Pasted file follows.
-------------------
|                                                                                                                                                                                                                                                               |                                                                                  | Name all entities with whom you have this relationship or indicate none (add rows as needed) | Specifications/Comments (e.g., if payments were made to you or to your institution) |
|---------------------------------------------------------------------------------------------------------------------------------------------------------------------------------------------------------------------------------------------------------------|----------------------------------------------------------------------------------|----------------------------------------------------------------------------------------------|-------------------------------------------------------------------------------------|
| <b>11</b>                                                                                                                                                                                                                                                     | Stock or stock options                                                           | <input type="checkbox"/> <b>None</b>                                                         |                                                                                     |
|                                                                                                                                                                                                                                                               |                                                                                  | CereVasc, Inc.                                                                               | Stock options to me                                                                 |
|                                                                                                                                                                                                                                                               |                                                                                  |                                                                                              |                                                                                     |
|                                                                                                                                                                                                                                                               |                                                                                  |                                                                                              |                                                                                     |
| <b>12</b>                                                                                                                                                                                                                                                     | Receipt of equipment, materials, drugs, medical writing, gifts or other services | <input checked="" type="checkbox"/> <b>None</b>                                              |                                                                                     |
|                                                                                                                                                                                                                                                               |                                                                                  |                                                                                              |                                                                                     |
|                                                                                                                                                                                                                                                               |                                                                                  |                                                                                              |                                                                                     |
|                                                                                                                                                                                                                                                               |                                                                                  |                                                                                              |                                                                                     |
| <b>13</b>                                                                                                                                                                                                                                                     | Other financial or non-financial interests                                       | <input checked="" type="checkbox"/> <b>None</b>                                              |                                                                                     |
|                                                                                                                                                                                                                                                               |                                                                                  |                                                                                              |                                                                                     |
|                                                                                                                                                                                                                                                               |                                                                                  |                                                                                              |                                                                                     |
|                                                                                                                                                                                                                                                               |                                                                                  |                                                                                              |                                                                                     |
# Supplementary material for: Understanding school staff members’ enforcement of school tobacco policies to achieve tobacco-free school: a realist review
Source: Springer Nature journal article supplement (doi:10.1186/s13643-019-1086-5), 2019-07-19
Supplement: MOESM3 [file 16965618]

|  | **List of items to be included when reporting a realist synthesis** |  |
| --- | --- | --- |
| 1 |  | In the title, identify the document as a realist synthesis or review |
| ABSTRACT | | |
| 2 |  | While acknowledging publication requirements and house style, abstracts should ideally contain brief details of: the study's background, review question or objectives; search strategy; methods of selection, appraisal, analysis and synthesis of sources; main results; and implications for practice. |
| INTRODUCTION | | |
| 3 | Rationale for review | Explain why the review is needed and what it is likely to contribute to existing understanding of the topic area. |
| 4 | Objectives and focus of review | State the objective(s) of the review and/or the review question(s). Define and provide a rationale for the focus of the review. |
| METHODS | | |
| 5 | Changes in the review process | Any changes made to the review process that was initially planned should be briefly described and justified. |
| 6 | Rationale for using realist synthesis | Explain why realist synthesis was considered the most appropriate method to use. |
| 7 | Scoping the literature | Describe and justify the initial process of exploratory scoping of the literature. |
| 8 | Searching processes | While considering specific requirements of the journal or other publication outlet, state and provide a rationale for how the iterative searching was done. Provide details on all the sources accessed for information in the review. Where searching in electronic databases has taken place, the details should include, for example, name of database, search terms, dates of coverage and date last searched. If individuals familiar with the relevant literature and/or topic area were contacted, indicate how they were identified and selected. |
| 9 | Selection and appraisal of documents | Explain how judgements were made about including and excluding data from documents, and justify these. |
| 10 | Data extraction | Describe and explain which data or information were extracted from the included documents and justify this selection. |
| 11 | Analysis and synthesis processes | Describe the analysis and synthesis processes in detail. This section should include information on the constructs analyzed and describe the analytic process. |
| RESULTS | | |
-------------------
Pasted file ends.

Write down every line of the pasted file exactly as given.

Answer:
|                                                                                                                                                                                                                                                               |                                                                                  | Name all entities with whom you have this relationship or indicate none (add rows as needed) | Specifications/Comments (e.g., if payments were made to you or to your institution) |
|---------------------------------------------------------------------------------------------------------------------------------------------------------------------------------------------------------------------------------------------------------------|----------------------------------------------------------------------------------|----------------------------------------------------------------------------------------------|-------------------------------------------------------------------------------------|
| <b>11</b>                                                                                                                                                                                                                                                     | Stock or stock options                                                           | <input type="checkbox"/> <b>None</b>                                                         |                                                                                     |
|                                                                                                                                                                                                                                                               |                                                                                  | CereVasc, Inc.                                                                               | Stock options to me                                                                 |
|                                                                                                                                                                                                                                                               |                                                                                  |                                                                                              |                                                                                     |
|                                                                                                                                                                                                                                                               |                                                                                  |                                                                                              |                                                                                     |
| <b>12</b>                                                                                                                                                                                                                                                     | Receipt of equipment, materials, drugs, medical writing, gifts or other services | <input checked="" type="checkbox"/> <b>None</b>                                              |                                                                                     |
|                                                                                                                                                                                                                                                               |                                                                                  |                                                                                              |                                                                                     |
|                                                                                                                                                                                                                                                               |                                                                                  |                                                                                              |                                                                                     |
|                                                                                                                                                                                                                                                               |                                                                                  |                                                                                              |                                                                                     |
| <b>13</b>                                                                                                                                                                                                                                                     | Other financial or non-financial interests                                       | <input checked="" type="checkbox"/> <b>None</b>                                              |                                                                                     |
|                                                                                                                                                                                                                                                               |                                                                                  |                                                                                              |                                                                                     |
|                                                                                                                                                                                                                                                               |                                                                                  |                                                                                              |                                                                                     |
|                                                                                                                                                                                                                                                               |                                                                                  |                                                                                              |                                                                                     |
# Supplementary material for: Understanding school staff members’ enforcement of school tobacco policies to achieve tobacco-free school: a realist review
Source: Springer Nature journal article supplement (doi:10.1186/s13643-019-1086-5), 2019-07-19
Supplement: MOESM3 [file 16965618]

|  | **List of items to be included when reporting a realist synthesis** |  |
| --- | --- | --- |
| 1 |  | In the title, identify the document as a realist synthesis or review |
| ABSTRACT | | |
| 2 |  | While acknowledging publication requirements and house style, abstracts should ideally contain brief details of: the study's background, review question or objectives; search strategy; methods of selection, appraisal, analysis and synthesis of sources; main results; and implications for practice. |
| INTRODUCTION | | |
| 3 | Rationale for review | Explain why the review is needed and what it is likely to contribute to existing understanding of the topic area. |
| 4 | Objectives and focus of review | State the objective(s) of the review and/or the review question(s). Define and provide a rationale for the focus of the review. |
| METHODS | | |
| 5 | Changes in the review process | Any changes made to the review process that was initially planned should be briefly described and justified. |
| 6 | Rationale for using realist synthesis | Explain why realist synthesis was considered the most appropriate method to use. |
| 7 | Scoping the literature | Describe and justify the initial process of exploratory scoping of the literature. |
| 8 | Searching processes | While considering specific requirements of the journal or other publication outlet, state and provide a rationale for how the iterative searching was done. Provide details on all the sources accessed for information in the review. Where searching in electronic databases has taken place, the details should include, for example, name of database, search terms, dates of coverage and date last searched. If individuals familiar with the relevant literature and/or topic area were contacted, indicate how they were identified and selected. |
| 9 | Selection and appraisal of documents | Explain how judgements were made about including and excluding data from documents, and justify these. |
| 10 | Data extraction | Describe and explain which data or information were extracted from the included documents and justify this selection. |
| 11 | Analysis and synthesis processes | Describe the analysis and synthesis processes in detail. This section should include information on the constructs analyzed and describe the analytic process. |
| RESULTS | | |